For a printable version of this post, go here.
The opening diatribe of the book of Isaiah (1:2-20) is remarkable for its searing rhetoric, yet it concludes by offering a return to prosperity should the people and leaders of Judah heed the word of their God. The speech begins with a call to heaven and earth to act as witnesses and a summary brief against the nation (verses 2-3). It ends with an appeal to reach a settlement and a conditional offer of rehabilitation (verses 18-20).
I discuss the poetry, unity, rhetoric, and history of interpretation of Isa 1:2-20 here. In a future post I will provide a verse-by-verse commentary on the Hebrew for those with no more than a basic knowledge of the language. The purpose of the following is to encourage appreciation of the Hebrew text as poetry. So as not to alienate the reader familiar with the received text, the Hebrew is presented in Tiberian masoretic dress. The phonology the texts instantiated in origin is a matter of reconstruction. That it differed from the phonology reflected in the received text is undisputed. As I show in the case of Lam 1 elsewhere, a reconstruction of the sound and stress patterns these texts would have instantiated at the time of composition leads to the conclusion that they once possessed a degree of sonic coherence and orchestration far beyond that detectable in Tiberian masoretic Hebrew.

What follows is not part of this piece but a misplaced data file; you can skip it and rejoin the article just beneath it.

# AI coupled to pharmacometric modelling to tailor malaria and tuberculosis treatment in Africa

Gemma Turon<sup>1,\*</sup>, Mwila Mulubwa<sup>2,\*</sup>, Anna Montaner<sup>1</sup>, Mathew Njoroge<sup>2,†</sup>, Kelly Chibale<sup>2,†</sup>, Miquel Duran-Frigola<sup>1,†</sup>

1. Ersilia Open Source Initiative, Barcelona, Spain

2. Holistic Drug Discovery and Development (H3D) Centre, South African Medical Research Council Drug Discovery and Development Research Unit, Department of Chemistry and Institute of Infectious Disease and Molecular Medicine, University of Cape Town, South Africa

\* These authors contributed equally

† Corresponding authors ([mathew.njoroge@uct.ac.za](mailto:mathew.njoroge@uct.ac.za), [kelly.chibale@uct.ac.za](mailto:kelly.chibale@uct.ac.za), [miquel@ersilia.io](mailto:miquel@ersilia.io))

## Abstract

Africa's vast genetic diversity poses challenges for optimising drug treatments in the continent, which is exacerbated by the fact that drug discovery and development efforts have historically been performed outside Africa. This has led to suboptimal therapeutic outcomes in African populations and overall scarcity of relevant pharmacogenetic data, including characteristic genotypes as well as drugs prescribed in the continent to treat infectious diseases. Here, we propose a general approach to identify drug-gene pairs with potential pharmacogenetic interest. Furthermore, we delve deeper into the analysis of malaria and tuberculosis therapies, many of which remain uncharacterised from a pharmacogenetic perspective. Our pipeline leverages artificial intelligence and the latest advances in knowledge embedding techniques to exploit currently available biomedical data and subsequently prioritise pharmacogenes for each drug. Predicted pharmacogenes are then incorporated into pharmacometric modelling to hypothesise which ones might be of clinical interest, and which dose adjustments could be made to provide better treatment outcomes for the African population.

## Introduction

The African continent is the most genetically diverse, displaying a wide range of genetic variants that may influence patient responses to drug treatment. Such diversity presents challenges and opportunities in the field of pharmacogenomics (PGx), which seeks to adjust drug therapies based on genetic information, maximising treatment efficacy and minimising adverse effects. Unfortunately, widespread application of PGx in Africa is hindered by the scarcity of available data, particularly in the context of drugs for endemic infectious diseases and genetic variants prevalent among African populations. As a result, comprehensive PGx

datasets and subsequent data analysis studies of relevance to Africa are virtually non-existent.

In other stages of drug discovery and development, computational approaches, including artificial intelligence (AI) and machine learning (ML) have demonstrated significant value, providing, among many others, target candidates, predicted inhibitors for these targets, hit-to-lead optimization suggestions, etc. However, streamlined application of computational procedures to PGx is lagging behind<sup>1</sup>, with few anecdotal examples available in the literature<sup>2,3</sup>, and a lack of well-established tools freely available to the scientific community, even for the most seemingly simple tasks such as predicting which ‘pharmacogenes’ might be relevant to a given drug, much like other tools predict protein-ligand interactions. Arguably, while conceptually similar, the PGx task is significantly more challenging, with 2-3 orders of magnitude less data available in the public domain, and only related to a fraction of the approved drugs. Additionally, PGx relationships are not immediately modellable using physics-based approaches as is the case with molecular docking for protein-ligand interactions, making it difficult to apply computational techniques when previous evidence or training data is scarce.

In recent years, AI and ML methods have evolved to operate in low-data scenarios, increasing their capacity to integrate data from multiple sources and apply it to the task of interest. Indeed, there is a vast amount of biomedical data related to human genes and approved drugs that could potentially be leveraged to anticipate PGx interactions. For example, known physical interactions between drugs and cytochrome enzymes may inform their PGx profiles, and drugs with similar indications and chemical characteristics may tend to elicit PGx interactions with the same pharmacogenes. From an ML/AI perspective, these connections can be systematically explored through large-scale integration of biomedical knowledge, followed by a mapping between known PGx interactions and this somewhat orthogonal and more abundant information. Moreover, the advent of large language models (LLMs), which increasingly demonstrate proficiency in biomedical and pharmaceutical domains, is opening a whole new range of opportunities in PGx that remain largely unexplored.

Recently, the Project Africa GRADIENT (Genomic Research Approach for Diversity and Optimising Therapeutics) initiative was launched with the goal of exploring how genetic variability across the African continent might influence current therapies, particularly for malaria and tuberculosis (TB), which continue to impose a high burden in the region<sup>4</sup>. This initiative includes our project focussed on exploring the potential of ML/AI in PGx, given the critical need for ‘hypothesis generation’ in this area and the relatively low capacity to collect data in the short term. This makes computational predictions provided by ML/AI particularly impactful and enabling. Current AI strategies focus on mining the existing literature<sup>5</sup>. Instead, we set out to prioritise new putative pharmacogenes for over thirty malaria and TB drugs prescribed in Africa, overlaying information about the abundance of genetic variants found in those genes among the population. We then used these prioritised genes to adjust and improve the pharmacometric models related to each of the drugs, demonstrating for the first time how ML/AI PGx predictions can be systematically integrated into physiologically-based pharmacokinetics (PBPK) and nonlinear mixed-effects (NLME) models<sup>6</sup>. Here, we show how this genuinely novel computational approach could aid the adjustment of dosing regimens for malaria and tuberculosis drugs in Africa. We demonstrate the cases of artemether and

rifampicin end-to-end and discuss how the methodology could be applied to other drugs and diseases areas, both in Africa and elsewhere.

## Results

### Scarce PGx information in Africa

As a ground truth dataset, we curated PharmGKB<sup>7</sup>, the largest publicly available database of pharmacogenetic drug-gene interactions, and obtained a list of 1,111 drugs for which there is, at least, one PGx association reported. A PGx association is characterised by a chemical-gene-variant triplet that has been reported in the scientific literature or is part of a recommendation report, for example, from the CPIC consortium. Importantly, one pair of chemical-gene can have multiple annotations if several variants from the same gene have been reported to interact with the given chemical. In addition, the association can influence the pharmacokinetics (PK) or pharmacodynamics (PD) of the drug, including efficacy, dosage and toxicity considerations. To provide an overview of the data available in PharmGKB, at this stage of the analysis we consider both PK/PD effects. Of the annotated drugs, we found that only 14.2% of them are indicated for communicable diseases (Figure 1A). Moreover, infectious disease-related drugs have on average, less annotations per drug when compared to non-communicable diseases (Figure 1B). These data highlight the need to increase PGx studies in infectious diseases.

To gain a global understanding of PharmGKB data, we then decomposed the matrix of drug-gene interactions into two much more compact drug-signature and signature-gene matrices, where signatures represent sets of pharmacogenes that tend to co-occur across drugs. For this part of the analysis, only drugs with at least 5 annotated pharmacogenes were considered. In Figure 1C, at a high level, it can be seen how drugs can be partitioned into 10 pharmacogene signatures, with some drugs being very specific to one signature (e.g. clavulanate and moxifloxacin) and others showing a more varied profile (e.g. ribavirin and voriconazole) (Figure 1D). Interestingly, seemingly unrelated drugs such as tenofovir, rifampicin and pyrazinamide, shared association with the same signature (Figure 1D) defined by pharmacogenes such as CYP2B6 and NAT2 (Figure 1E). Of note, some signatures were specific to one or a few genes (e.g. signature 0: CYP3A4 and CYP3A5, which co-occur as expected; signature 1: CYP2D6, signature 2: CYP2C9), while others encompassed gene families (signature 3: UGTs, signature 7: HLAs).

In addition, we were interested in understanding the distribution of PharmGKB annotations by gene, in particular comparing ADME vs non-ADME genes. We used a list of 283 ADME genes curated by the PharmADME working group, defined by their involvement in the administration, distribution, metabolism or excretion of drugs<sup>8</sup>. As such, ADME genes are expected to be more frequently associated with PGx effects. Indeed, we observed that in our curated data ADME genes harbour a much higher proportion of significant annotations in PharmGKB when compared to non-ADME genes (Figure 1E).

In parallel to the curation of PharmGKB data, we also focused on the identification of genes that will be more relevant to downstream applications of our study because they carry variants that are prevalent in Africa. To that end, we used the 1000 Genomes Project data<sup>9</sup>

The bilingual edition is here.